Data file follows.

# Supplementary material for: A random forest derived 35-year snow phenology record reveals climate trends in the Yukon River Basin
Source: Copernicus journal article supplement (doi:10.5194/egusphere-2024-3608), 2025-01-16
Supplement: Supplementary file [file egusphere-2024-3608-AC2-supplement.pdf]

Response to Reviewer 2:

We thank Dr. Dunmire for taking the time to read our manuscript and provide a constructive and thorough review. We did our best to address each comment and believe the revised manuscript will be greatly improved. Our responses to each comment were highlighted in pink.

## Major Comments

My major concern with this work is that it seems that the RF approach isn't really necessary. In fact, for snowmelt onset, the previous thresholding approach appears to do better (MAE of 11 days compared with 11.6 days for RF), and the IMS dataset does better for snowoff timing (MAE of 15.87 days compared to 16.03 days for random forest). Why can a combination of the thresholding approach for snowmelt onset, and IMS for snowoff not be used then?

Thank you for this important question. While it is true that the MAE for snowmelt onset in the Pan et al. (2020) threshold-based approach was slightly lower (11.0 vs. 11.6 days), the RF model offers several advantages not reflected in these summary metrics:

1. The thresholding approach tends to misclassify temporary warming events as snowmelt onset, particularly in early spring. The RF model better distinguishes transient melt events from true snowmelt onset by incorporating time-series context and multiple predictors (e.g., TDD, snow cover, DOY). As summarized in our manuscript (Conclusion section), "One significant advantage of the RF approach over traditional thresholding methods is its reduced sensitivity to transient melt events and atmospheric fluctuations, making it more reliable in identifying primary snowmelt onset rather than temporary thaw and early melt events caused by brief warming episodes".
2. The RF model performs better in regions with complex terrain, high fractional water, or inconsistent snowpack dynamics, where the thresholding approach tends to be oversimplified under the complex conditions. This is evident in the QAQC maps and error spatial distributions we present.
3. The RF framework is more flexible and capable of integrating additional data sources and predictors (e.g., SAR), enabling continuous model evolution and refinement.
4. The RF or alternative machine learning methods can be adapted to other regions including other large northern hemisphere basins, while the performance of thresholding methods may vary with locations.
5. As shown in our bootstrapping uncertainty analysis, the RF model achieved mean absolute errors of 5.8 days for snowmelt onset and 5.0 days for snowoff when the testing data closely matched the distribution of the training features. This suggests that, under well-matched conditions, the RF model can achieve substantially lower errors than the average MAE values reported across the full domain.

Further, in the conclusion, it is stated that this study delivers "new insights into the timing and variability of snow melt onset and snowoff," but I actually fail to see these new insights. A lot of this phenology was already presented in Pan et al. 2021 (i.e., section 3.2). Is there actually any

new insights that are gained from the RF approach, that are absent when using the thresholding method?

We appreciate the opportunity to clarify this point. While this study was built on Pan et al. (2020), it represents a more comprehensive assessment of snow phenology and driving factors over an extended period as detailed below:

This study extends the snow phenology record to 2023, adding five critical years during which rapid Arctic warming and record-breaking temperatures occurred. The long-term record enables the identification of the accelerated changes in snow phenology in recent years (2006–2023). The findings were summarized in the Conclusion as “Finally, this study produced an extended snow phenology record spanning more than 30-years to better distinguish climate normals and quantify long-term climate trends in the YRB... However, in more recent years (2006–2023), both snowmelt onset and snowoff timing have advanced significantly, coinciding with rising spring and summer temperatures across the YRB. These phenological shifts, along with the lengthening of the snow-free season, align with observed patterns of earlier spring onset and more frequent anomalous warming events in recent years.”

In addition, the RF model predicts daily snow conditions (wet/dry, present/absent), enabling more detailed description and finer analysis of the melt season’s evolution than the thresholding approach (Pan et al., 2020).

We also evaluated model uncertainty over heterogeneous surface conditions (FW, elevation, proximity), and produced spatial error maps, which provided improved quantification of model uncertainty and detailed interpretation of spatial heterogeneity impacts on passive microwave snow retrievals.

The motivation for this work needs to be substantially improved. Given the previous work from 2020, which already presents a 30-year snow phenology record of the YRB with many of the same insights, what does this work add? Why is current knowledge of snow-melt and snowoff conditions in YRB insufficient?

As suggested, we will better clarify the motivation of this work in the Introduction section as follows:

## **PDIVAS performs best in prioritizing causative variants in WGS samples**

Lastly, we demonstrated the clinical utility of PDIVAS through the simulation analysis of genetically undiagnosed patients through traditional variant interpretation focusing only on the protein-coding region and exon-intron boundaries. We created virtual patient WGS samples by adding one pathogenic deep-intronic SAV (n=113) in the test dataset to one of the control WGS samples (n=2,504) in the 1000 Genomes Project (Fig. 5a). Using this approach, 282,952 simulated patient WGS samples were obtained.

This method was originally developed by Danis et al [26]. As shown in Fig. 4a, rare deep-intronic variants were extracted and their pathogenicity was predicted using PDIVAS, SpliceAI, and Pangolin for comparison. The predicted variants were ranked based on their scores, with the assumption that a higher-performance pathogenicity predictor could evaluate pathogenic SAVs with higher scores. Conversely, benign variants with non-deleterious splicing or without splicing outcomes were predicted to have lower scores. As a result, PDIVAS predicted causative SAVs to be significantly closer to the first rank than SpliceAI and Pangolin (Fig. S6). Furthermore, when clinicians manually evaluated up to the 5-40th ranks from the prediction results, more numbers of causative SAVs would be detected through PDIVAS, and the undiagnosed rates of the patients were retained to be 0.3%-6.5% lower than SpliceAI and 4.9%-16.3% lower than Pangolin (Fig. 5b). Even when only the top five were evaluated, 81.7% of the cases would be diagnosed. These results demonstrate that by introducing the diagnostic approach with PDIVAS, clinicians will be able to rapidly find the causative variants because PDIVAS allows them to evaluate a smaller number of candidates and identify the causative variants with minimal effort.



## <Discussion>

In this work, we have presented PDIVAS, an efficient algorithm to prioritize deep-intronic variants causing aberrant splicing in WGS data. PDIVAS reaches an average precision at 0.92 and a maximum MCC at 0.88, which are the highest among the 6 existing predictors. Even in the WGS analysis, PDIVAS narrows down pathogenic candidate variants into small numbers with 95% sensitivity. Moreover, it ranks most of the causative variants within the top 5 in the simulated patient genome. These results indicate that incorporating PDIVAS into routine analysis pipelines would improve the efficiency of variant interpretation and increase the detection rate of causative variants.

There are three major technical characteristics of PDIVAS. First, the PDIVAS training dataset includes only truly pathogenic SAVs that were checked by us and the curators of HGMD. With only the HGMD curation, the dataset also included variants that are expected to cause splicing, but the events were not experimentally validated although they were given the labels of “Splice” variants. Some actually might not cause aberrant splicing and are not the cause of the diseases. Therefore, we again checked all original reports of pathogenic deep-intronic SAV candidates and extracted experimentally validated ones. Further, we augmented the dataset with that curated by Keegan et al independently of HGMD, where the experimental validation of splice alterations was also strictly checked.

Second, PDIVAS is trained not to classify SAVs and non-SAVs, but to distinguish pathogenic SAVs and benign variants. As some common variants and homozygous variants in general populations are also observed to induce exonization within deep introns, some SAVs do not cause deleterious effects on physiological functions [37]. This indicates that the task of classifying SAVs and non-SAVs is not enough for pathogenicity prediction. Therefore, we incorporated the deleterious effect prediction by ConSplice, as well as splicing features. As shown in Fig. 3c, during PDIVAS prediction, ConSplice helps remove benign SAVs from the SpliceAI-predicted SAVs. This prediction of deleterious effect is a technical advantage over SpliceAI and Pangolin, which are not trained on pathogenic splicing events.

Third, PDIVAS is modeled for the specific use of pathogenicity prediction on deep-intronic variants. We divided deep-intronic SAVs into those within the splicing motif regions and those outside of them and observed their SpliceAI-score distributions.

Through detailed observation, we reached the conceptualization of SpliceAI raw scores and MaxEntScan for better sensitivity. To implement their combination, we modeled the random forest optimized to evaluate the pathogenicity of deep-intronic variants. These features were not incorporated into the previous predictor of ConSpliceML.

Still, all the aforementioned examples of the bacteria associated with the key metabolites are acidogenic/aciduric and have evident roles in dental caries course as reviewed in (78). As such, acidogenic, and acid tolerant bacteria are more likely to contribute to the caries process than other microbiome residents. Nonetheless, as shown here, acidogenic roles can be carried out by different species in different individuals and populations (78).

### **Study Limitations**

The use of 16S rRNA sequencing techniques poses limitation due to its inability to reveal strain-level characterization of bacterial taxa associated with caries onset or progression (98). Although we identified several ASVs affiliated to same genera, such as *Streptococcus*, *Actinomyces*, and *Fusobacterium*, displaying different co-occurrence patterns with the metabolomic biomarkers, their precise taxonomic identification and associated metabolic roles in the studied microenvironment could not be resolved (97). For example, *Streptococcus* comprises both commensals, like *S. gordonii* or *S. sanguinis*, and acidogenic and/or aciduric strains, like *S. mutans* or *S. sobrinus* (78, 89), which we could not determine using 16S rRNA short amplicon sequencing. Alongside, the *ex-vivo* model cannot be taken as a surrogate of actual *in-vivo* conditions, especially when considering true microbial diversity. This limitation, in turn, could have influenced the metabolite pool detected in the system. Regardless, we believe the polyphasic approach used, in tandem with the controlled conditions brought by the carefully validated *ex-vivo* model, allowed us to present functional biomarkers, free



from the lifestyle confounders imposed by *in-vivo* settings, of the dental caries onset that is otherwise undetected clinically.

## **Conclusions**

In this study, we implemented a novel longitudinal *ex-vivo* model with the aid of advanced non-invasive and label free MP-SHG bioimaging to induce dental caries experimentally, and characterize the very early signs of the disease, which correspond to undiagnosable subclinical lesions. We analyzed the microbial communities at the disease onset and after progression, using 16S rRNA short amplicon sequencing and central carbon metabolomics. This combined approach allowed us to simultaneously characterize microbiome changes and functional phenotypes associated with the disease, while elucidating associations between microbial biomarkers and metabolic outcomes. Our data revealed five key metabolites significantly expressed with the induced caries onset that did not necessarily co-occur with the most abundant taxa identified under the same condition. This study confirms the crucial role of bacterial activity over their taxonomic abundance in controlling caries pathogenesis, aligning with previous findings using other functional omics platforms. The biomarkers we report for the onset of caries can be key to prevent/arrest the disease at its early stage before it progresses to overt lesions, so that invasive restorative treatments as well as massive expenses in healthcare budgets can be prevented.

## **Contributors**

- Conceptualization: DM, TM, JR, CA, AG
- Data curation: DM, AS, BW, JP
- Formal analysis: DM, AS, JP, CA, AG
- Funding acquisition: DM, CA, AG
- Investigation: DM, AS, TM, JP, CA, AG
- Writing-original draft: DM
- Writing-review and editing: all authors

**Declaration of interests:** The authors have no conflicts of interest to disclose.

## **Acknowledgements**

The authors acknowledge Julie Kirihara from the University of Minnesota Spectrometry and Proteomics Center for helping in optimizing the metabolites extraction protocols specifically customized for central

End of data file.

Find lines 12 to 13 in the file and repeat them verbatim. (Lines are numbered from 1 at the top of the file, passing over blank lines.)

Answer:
4. The RF or alternative machine learning methods can be adapted to other regions including other large northern hemisphere basins, while the performance of thresholding methods may vary with locations.
5. As shown in our bootstrapping uncertainty analysis, the RF model achieved mean absolute errors of 5.8 days for snowmelt onset and 5.0 days for snowoff when the testing data closely matched the distribution of the training features. This suggests that, under well-matched conditions, the RF model can achieve substantially lower errors than the average MAE values reported across the full domain.